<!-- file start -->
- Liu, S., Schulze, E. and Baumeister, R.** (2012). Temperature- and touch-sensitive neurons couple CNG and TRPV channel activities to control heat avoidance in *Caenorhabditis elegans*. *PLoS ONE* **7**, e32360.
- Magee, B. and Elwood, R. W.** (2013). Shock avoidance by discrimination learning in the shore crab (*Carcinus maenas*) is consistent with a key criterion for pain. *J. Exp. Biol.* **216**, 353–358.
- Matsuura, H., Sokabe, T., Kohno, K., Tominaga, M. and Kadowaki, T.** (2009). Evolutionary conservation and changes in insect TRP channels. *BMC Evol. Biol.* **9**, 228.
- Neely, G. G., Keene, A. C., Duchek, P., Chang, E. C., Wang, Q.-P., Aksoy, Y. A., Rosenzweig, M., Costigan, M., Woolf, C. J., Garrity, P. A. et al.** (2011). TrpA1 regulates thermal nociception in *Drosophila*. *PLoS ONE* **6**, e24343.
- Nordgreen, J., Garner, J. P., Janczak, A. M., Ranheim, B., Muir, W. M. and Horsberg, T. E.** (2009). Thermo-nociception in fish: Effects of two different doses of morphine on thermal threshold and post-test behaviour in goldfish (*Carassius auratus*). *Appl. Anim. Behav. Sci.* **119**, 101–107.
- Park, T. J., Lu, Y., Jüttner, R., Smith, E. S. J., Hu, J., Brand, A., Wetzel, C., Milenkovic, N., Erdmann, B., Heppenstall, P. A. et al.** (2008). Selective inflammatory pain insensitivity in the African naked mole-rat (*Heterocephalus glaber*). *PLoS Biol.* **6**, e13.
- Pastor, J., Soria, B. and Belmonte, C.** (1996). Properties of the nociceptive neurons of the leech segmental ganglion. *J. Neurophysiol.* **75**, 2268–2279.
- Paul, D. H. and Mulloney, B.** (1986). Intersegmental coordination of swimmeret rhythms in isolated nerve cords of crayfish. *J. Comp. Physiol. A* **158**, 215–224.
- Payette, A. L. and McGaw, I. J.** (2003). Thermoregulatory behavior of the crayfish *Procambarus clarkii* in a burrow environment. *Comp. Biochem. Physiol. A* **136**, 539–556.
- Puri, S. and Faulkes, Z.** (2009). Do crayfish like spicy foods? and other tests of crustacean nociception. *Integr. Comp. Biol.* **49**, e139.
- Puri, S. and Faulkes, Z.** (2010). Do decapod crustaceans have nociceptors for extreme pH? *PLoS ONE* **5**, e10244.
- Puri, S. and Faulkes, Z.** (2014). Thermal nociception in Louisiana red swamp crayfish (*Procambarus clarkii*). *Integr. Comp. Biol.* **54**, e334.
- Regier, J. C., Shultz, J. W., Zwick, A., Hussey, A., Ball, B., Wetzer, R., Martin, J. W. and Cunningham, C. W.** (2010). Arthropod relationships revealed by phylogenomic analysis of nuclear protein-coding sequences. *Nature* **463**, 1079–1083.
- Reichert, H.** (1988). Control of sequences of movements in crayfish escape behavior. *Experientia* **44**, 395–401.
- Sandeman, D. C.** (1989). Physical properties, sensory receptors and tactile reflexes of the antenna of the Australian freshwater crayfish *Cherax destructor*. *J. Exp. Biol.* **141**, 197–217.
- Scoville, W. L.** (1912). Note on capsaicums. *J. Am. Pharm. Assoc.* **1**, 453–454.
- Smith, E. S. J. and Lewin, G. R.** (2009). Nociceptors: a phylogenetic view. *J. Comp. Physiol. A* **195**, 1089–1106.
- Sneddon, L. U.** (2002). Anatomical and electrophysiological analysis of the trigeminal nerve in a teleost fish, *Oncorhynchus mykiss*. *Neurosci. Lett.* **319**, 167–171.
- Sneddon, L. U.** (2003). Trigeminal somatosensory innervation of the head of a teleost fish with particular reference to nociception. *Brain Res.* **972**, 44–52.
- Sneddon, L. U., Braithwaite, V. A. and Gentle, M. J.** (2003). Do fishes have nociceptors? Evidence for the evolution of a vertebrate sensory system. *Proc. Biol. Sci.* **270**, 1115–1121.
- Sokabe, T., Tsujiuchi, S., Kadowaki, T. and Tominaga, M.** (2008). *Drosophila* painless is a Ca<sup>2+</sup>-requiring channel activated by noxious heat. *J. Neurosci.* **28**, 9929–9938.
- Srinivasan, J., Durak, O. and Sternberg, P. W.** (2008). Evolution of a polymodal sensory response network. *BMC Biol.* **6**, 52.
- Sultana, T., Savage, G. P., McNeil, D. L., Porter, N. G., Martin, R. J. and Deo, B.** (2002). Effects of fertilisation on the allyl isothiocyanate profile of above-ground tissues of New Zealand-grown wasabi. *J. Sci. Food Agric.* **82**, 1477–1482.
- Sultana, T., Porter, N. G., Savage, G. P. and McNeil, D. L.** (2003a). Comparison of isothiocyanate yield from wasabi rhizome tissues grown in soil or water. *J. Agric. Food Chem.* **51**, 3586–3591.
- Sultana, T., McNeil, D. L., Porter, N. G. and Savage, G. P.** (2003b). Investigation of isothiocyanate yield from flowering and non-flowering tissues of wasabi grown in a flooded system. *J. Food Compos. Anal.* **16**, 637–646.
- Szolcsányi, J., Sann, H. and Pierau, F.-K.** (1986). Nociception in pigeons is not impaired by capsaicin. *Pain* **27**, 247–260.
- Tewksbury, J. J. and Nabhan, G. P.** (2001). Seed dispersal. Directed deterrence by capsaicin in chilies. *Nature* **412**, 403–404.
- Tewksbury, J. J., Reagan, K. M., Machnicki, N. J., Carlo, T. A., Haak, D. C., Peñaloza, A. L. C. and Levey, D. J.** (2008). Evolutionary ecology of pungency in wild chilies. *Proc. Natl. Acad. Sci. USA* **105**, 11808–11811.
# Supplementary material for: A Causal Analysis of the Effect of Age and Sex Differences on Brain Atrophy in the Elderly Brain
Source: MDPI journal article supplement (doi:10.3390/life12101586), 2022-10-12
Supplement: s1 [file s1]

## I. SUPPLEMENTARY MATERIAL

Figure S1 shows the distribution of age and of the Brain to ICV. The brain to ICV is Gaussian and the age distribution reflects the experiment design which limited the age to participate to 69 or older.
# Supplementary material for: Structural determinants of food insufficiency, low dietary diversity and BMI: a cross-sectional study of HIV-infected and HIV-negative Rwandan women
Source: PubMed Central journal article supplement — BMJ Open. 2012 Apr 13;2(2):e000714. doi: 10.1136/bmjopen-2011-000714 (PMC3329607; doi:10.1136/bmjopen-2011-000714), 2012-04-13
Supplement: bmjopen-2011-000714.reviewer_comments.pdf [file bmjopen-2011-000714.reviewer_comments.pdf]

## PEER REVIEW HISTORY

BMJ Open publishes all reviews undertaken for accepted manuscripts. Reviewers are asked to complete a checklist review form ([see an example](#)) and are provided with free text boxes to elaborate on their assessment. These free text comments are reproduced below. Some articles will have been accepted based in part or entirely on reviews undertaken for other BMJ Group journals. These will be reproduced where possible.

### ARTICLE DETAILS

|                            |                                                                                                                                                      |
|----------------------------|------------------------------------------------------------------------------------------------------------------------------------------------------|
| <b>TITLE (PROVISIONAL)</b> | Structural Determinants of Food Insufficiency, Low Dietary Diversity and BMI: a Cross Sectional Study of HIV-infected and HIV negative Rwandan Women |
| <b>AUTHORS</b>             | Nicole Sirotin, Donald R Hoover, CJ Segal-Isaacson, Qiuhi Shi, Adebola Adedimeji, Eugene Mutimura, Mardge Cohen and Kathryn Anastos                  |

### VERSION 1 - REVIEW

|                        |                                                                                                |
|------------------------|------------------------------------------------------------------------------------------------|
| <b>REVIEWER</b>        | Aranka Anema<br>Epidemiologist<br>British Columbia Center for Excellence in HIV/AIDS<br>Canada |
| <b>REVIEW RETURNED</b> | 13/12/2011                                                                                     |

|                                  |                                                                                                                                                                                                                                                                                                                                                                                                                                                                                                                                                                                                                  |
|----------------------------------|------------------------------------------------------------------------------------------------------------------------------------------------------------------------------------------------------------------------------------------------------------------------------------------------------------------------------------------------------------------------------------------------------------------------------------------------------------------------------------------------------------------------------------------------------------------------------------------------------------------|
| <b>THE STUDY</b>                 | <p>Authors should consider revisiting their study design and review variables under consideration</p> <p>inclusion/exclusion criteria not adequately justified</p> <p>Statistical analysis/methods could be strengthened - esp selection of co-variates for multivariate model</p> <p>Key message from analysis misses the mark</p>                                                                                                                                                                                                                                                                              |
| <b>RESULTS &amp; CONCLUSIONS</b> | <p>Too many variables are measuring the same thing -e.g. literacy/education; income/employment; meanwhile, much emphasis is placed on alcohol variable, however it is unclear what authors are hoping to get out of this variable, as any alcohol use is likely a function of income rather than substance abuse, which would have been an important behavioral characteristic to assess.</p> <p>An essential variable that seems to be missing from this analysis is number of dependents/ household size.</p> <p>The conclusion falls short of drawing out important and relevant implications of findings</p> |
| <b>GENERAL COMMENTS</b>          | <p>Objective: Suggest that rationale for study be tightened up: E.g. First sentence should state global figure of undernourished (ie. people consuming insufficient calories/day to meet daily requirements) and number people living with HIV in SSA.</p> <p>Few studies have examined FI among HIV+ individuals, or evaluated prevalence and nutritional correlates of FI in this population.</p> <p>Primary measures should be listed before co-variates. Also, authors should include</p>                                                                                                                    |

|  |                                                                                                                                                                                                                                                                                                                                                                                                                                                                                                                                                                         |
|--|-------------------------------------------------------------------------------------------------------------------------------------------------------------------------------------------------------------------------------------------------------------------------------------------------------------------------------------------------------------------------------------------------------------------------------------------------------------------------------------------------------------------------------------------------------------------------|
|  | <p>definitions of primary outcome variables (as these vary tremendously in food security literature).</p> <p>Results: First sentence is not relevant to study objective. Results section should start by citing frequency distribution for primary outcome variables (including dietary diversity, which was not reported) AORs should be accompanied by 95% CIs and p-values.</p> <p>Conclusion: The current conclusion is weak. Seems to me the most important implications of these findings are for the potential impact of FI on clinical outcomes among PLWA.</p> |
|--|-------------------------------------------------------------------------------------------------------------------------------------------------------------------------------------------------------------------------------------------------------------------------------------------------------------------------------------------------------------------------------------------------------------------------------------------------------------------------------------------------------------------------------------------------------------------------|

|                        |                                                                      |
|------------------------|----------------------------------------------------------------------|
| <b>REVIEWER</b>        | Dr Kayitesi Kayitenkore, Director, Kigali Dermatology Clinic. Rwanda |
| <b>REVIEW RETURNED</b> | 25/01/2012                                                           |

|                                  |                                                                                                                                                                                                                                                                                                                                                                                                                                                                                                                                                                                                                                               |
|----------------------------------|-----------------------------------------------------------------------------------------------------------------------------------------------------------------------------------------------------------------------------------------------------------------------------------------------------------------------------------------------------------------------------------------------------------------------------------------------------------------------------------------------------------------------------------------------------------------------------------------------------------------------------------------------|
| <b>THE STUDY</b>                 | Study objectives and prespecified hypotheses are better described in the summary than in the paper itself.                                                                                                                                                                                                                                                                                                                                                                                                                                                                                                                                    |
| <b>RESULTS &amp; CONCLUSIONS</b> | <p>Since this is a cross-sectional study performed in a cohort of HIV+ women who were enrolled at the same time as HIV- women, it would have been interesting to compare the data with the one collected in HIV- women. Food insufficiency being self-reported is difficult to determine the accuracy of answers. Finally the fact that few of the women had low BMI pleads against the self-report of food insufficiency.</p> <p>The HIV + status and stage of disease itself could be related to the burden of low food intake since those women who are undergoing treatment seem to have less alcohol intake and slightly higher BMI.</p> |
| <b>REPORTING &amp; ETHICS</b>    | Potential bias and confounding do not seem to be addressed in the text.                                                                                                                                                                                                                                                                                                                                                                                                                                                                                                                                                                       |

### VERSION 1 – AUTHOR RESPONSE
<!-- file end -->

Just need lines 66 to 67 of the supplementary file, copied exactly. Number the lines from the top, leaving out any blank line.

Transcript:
| <b>REPORTING &amp; ETHICS</b>    | Potential bias and confounding do not seem to be addressed in the text.                                                                                                                                                                                                                                                                                                                                                                                                                                                                                                                                                                       |

### VERSION 1 – AUTHOR RESPONSE